1 December 2009
Vanessa Rossi
(Former Chatham House Expert)


November consumer price data for the US and Europe finally showed an end to months of deflation, as year-on-year consumer inflation rates returned to positive territory for the first time in months. The headline inflation rate might even surge to 2% or more by the end of the year although this swing will be largely due to base year effects - that is, current price levels are being compared to their late-2008 levels which dropped sharply after the Lehman crisis.

Not only might this fuel the debate over exit strategies from the recession but it will also fuel market concerns about inflation and the chances of central banks raising interest rates.

In reality, prevailing economic conditions hardly threaten to support high rates of consumer price inflation. All the major economies are running considerably under capacity and will remain so well into 2010 as global demand struggles to pick up. The surge in unemployment (which is expected to continue rising, peaking as late as 2011) has also damped down wage growth. And oil prices are unlikely to surge to new peaks given the still weak global demand.

More importantly, given the arguments raised about the effects of recently lax policies, government bailouts are unlikely to have an inflationary impact. For government intervention to be inflationary, it must outweigh the deflationary impact of wealth and income losses. In other words, 'net new money' is the key: how much new money is being created rather than being used to partially replace lost wealth?

The answer is not much. Global wealth losses from the crisis are calculated to be around $40-50 trillion, the bulk of it in the form of lost equity from stock markets, asset write-downs among financial institutions, and the fall in housing prices affecting households - most notably in the US. Income losses have also been substantial, including a decline in business revenue and investment of about 20-30% and a drop of $3-4 trillion in export earnings. In comparison, the cost of government interventions worldwide has been cited at around $20-25 trillion - a staggering figure yet clearly not in the same league.

Not only is this number far less than the loss in wealth and income, but only a fraction of this money (roughly 20%) has actually been spent, and hence could potentially feed inflation. The rest has been in the form of guarantees and pledges. For example, liquidity support (such as interventions in the repo and commercial paper markets) is constantly being rolled over and is also secured by collateral, ensuring some recovery of losses if there is no repayment.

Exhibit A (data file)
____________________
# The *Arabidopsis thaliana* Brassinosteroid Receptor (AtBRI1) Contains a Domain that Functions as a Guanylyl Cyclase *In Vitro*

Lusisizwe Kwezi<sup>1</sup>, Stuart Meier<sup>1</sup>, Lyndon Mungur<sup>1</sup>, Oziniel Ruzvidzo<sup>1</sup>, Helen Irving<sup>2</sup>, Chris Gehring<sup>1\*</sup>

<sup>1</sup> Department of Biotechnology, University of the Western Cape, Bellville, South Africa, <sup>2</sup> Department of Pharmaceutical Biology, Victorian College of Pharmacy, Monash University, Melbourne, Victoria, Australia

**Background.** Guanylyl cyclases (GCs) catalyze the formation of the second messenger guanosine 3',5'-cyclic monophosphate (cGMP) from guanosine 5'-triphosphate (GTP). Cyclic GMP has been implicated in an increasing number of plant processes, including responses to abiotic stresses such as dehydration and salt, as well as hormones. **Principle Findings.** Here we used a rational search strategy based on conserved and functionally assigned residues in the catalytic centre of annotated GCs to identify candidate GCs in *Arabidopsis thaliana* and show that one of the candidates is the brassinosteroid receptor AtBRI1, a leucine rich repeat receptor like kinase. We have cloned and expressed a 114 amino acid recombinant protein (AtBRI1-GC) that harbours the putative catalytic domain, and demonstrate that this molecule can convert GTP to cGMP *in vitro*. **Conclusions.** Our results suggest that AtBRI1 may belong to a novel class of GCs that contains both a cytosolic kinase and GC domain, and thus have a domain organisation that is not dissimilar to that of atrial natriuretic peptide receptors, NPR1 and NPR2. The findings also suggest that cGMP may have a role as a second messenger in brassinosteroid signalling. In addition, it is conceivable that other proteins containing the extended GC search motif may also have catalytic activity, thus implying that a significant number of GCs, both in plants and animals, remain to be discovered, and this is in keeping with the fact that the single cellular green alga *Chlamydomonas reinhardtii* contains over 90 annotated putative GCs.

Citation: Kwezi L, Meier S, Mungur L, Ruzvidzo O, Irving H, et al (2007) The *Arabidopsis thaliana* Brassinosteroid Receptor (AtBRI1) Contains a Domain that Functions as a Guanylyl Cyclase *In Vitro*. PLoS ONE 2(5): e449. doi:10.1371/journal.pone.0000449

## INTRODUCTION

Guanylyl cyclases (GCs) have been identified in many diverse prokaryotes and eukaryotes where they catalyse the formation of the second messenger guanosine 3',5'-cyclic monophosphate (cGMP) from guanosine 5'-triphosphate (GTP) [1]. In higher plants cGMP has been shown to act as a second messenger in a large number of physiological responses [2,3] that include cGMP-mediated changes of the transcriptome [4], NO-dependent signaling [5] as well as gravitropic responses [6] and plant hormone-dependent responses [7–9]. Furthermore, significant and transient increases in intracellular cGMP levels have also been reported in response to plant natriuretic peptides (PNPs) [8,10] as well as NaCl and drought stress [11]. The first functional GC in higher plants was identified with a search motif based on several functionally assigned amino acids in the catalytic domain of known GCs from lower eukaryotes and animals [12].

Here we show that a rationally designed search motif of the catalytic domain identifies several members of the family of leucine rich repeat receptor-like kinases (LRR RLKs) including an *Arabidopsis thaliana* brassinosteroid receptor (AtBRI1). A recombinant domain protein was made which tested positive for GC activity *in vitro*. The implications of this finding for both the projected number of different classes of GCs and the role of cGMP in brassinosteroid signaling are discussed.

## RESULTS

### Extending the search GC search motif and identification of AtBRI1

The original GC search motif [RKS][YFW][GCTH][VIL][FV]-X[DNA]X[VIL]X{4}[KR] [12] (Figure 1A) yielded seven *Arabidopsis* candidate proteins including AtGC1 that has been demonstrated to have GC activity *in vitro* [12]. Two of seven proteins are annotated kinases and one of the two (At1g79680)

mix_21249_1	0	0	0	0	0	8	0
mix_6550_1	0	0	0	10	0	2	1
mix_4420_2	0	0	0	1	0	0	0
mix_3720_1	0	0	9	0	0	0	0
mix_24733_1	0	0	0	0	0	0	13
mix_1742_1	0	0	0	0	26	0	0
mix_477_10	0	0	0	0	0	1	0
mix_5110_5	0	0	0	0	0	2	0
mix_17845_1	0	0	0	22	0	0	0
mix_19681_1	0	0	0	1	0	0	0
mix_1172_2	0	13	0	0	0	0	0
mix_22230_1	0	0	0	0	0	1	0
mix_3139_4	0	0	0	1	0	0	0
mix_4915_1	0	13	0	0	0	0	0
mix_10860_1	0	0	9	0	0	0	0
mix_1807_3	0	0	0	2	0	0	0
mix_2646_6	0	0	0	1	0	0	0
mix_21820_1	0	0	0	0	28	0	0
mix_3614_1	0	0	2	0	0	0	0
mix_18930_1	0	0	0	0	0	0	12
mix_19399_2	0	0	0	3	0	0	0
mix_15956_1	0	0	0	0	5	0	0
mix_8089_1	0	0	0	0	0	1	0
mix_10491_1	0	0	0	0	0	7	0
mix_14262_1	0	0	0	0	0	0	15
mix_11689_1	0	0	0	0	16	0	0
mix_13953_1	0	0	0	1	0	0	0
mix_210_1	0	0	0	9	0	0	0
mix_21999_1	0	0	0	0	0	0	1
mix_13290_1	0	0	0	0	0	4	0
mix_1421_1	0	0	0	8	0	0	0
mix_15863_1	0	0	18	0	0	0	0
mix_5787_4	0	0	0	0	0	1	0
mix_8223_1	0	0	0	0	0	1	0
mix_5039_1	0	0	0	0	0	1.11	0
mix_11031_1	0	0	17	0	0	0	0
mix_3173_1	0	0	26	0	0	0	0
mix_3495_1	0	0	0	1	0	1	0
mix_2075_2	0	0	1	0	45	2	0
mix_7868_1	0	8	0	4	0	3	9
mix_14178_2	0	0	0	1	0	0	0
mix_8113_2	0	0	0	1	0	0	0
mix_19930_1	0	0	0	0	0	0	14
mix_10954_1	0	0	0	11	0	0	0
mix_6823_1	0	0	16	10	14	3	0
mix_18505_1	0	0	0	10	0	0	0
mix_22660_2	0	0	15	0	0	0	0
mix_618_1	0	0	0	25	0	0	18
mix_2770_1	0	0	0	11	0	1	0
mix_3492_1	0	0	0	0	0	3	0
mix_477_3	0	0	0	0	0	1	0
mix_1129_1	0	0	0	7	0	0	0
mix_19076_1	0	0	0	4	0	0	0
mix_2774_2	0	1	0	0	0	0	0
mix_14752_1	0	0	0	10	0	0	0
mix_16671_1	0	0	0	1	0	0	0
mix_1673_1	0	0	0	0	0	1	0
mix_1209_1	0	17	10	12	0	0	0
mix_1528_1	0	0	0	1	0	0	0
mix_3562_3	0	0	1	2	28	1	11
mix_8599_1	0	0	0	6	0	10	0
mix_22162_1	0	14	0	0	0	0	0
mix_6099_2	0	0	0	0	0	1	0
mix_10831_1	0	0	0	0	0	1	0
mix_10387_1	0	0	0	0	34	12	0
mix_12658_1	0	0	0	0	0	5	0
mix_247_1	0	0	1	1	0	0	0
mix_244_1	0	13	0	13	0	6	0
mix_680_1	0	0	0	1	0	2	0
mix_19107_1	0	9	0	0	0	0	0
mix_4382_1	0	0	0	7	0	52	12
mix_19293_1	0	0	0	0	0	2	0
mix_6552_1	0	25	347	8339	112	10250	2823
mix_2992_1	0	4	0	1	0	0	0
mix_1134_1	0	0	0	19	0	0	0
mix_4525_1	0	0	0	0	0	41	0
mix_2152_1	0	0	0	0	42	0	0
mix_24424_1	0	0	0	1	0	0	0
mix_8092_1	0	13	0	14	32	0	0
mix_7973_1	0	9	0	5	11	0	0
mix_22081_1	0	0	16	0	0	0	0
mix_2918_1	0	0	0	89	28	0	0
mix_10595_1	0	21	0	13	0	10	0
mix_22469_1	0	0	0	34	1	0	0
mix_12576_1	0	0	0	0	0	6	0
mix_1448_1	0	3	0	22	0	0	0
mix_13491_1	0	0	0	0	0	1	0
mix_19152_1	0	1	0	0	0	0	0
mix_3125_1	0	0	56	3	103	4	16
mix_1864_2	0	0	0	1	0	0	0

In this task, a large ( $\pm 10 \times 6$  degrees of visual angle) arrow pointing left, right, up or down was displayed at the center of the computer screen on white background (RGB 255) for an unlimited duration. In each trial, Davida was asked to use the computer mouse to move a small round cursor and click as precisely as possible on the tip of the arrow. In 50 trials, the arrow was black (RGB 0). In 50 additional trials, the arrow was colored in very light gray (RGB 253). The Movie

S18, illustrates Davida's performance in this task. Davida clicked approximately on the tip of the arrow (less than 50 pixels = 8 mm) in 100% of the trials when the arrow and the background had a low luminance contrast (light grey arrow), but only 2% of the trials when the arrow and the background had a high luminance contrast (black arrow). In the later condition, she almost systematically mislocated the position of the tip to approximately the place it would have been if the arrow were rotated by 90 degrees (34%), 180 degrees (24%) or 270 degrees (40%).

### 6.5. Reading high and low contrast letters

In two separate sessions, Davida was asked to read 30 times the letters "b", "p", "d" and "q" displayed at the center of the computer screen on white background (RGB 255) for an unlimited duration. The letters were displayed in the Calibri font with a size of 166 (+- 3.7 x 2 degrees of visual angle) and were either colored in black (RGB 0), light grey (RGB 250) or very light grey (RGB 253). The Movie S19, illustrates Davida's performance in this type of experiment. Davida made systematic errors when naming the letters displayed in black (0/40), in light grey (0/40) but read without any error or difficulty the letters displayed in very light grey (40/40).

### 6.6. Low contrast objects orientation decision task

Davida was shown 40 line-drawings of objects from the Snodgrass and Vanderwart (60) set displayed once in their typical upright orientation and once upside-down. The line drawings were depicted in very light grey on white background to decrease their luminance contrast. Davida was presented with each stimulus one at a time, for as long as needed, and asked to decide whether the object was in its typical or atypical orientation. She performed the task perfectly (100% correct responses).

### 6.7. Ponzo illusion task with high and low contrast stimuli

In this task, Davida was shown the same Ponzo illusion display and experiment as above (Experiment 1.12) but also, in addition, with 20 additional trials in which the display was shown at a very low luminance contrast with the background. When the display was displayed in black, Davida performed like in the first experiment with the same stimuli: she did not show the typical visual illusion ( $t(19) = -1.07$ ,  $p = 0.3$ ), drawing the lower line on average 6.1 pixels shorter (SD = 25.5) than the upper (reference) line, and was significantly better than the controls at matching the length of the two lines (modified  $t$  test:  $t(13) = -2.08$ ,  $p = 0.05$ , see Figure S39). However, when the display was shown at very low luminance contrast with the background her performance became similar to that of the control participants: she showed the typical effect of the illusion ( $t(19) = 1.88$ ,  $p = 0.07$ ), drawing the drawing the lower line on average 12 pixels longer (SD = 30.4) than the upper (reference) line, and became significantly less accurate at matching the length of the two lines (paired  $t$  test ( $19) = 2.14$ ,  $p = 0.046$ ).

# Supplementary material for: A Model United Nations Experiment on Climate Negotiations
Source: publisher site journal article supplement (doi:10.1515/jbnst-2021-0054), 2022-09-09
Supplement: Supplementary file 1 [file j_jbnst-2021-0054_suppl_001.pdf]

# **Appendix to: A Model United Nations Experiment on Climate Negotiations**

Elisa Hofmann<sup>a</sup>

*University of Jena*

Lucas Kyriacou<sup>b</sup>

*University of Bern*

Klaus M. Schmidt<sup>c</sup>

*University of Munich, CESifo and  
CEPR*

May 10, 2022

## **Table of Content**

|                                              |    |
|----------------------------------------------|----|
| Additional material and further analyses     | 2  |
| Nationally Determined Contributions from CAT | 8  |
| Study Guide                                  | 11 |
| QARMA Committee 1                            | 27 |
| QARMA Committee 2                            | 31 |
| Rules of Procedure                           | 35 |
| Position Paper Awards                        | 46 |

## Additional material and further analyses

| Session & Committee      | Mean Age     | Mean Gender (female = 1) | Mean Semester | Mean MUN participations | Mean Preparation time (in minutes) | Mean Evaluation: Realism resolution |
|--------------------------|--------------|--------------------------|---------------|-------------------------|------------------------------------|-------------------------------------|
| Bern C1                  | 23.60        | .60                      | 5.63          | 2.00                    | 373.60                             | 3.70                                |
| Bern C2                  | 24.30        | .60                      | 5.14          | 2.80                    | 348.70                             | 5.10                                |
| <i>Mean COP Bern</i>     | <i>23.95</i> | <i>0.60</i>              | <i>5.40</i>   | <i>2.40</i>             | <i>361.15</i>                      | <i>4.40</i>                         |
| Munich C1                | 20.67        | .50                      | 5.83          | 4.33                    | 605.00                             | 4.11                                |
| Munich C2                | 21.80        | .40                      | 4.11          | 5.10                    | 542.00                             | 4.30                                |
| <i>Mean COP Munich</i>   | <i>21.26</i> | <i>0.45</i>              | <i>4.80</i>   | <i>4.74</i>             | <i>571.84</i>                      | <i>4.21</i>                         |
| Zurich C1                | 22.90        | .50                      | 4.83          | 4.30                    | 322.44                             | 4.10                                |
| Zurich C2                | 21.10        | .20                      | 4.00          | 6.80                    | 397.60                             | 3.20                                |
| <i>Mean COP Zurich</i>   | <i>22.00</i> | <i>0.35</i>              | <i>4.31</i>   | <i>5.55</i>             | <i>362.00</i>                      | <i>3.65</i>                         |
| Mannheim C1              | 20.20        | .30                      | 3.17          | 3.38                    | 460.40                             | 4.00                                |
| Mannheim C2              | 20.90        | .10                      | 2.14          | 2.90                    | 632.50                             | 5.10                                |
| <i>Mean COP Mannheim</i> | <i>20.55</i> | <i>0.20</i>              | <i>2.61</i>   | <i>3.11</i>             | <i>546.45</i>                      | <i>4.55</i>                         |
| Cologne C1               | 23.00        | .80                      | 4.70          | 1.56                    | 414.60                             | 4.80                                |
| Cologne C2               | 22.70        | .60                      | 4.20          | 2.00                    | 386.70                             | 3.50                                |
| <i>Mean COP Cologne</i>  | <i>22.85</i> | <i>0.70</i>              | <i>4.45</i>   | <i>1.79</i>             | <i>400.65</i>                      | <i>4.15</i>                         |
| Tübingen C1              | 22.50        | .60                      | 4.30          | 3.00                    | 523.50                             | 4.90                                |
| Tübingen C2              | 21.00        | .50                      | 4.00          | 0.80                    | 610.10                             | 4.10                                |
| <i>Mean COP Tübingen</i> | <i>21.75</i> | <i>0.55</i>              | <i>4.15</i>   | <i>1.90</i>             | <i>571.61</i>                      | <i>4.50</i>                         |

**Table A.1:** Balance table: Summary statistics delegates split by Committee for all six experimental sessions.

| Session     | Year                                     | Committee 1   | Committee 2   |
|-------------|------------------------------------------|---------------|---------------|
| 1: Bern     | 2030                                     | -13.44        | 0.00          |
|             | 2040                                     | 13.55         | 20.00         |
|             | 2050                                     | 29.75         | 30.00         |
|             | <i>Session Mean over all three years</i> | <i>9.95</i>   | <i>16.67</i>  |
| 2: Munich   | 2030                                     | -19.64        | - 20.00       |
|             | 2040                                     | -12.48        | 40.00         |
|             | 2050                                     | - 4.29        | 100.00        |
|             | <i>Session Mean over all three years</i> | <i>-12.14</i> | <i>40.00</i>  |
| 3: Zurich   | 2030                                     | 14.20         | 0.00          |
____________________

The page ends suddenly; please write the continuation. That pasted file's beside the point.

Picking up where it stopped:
Meanwhile, shares from nationalised banks and toxic assets purchased by central banks may recover some of their lost value once their markets revive - in fact, this was the main reason why the IMF recently improved its forecast for expected write-downs. And on the fiscal side, much of the support in the form of tax cuts is likely to be saved rather than spent at the same time that other forms of fiscal relief end up compensating lost expenditure.

In short, most government money has been pledged, rather than spent. And that which has been spent is likely to be recovered (at least partially) or otherwise used to make up for lost private wealth and spending.

Finally, the impact of cheap money and carry trade on asset prices should be identified as a different problem from wage and consumer price inflation. Furthermore, market bubbles should be tackled in ways mindful of the potentially damaging repercussions of heavy handed policy on the still fragile economic recovery. Confusing these different problems could be dangerous - policymakers need to tread carefully and lightly. Lax policy would have to be pursued for longer and on a larger scale to even begin to create consumer price inflation - an unlikely scenario - but, in contrast, rapid tightening and marked increases in market rates could well snuff out real growth prospects for 2010 and bring back the risk of deflation.

Further resources

Inflation - Ghost of the Past or Upcoming Threat?
Programme Paper, Vanessa Rossi and Rodrigo Delgado Aguilera, December 2009